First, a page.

The new law otherwise amends 20 V.S.A. Sec. 3541 to add a new definition of “pet dealer”: any person who sells or exchanges or who offers to sell or exchange cats, dogs, or wolf-hybrids, or any combination of those, from 3 or more litters in any 12 month period. Pet shops, shelters and rescues are excluded.
The problem is that it can be very difficult for inspectors to determine the numbers of litters born each year. The threshold number is low enough, though, that it should be easier than under the old law to determine if someone should be called a “pet dealer” and so subject to regulation.
The new law also amends 20 V.S.A. Sec. 3681 to require municipal clerks to issue permits for all pet dealers, not just for wolf hybrids as provided previously. Pet dealers must allow inspections at any time. The law no longer limits inspections to any “reasonable time”; per dealers would use the reasonableness requirement to delay inspections. On the other hand, the inspections are to be scheduled in advance. The pet dealer’s agent must be present. No surprise visits that may reveal the actual practices at the pet dealer’s operations.
Curiously, no photos or video can be taken during an inspection without the pet dealer’s permission!
There is no penalty for failure to cooperate with an inspection except that the new law provides “[r]epeated failure to consent to an inspection may result in a revocation of the pet dealer permit”.
An inspector can, but is not obligated to, report animal cruelty or neglect for criminal investigation. The inspectors, employees of the Department of Agriculture, Food and Markets, can only issue citations which can be the bases for civil administrative penalties.
Copies of the inspection reports are available from the municipality that issued the pet dealer permit.
The new law also amends the state puppy lemon law. Consumers have certain remedies if within 7 days of the sale of a cat, dog or wolf-hybrid by a pet dealer or pet shop a veterinarian certifies the animal is “unfit for purchase due to illness” or has signs of a contagious or infections disease, or if within one year a veterinarian certifies the animal has a congenital malformation or hereditary disease. The consumer can return the animal for a full refund and the veterinary fee but only for obtaining the certification. Veterinary fees for treating the animal are not included. A finding of parasites is not sufficient.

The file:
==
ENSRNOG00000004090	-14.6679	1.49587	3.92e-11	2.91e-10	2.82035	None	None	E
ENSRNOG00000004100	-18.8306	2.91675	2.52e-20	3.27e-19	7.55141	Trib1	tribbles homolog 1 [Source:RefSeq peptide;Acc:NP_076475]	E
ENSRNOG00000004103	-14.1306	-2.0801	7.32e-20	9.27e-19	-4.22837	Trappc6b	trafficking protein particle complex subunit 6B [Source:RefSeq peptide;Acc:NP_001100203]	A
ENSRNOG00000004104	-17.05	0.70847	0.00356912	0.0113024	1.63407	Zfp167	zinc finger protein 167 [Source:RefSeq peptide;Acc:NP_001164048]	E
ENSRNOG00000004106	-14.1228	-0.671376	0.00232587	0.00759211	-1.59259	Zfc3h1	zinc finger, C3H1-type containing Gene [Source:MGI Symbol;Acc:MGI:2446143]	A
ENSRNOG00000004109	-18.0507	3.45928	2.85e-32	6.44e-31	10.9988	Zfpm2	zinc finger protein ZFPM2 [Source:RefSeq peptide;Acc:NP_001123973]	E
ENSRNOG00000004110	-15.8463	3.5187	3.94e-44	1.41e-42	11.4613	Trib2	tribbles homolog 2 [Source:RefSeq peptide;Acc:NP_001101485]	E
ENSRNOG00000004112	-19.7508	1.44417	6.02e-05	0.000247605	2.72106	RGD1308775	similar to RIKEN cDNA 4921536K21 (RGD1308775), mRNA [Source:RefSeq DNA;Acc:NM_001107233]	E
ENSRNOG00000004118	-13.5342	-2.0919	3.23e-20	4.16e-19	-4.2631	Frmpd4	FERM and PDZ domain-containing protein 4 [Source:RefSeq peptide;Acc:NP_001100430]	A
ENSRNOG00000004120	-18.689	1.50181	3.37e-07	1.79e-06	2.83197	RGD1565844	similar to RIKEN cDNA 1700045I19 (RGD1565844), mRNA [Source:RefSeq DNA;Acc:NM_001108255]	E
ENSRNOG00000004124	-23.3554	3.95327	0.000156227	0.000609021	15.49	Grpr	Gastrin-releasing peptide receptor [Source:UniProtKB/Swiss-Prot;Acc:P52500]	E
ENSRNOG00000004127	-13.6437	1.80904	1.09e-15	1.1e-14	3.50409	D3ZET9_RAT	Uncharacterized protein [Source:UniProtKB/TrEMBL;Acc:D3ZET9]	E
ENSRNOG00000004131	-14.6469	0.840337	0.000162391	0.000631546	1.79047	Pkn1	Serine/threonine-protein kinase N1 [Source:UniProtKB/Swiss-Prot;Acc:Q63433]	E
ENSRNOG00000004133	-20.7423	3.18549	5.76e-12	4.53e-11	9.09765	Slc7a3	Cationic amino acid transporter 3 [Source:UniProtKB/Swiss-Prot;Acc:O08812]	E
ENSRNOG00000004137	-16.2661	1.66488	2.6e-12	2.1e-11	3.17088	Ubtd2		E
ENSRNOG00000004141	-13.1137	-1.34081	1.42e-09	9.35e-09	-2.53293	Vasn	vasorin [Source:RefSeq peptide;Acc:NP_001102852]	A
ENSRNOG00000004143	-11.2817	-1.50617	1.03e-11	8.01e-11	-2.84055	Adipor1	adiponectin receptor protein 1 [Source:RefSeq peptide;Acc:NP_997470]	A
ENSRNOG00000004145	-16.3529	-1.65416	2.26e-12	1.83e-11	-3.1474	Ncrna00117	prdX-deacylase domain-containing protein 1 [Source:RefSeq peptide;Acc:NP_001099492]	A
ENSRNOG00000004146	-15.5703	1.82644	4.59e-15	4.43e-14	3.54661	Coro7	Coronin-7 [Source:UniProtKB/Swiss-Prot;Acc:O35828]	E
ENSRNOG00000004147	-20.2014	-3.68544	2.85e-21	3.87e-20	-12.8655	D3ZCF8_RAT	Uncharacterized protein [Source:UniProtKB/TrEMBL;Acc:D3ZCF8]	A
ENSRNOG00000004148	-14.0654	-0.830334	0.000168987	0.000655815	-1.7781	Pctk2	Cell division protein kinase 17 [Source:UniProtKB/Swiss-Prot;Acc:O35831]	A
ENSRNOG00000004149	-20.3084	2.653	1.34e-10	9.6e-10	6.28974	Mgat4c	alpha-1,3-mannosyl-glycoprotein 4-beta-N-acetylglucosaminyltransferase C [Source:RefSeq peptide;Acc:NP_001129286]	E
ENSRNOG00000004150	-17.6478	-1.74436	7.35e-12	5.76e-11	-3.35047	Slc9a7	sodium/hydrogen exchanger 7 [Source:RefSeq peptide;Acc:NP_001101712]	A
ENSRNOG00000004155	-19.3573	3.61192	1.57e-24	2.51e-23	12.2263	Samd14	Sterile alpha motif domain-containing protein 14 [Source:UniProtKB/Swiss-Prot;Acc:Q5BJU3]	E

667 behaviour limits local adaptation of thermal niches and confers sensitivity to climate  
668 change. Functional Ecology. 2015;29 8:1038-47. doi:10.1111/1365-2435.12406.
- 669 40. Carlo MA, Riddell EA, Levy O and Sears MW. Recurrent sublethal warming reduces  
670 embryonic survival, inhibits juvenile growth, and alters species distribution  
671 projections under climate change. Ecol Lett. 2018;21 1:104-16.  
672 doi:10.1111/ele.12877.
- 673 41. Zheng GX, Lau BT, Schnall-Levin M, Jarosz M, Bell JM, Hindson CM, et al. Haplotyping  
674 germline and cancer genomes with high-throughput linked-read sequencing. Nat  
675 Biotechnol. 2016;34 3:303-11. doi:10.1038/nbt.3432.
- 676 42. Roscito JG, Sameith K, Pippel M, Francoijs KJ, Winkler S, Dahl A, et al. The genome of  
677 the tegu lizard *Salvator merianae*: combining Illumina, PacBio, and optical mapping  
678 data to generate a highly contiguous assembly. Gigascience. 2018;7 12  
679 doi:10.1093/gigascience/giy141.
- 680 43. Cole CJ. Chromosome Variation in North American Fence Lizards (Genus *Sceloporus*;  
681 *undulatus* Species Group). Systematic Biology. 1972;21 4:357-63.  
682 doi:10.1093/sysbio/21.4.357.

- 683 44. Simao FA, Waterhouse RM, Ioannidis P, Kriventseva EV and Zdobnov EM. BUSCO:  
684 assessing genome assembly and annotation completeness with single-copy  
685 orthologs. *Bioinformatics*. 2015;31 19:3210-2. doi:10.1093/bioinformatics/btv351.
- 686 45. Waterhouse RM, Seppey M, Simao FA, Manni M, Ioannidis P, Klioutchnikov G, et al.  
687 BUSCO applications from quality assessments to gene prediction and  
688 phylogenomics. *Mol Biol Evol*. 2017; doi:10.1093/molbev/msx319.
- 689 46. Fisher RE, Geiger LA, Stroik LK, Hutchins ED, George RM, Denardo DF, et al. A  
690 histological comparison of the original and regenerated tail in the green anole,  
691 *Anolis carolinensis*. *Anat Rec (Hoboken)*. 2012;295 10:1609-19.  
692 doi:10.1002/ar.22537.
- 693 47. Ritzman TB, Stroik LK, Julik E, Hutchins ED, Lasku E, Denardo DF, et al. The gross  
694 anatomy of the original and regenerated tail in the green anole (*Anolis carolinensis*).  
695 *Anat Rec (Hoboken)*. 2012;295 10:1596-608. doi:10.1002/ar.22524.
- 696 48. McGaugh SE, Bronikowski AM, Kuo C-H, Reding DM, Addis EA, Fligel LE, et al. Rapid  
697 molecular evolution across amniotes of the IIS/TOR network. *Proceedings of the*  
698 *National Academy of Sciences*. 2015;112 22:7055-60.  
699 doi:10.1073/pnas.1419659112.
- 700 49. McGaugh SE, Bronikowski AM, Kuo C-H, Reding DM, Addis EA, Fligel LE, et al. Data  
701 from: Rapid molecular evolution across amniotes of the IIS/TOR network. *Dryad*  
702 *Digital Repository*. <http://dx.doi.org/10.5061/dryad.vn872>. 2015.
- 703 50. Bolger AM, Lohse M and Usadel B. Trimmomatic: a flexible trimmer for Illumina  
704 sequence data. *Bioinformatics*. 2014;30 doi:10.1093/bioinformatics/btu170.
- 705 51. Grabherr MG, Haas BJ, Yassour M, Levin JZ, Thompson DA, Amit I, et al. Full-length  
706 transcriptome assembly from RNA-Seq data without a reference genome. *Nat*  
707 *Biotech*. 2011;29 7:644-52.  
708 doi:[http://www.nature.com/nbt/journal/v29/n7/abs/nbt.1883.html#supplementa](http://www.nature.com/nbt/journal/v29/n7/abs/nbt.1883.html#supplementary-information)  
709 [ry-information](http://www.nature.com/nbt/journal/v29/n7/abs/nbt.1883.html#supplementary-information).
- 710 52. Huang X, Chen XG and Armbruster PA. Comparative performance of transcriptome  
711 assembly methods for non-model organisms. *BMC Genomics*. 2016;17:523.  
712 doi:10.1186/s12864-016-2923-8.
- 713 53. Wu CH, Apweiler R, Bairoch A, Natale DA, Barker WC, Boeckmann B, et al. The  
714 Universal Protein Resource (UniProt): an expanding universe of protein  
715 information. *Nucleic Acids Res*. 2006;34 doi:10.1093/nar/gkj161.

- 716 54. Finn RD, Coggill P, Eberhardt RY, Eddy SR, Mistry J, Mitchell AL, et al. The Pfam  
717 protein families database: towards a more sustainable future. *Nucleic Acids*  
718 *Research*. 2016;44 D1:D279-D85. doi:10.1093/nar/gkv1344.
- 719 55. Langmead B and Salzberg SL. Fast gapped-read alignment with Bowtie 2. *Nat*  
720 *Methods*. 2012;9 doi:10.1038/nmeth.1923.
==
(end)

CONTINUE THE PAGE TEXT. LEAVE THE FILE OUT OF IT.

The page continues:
If the pet dealer or pet shop agrees, the consumer can alternatively, return the animal for an exchange, an animal of equivalent value, and the cost of the veterinary certification. Again, the bills incurred in treating the animal are not recoverable, only the fee related to obtaining the certification.
A third alternative also only available if the pet dealer or pet shop owner agrees, would allow recovery for reasonable veterinary service for the purpose of curing or attempting to cure the animal. It is not clear if this would include bills incurred for diagnosis. Regardless, this amount is limited to the purchase price of the animal. The cost of the certification in this instance is not recoverable.
Consumers are to be provided with a copy of the form the Dept. will issue for the certification.
Pet dealers or pet shops may contest a consumer demand for reimbursement, refund or exchange by having a veterinarian of its choice examine the animal. If the parties cannot reach an agreement within 10 days of this examination, the consumer may initiate suit.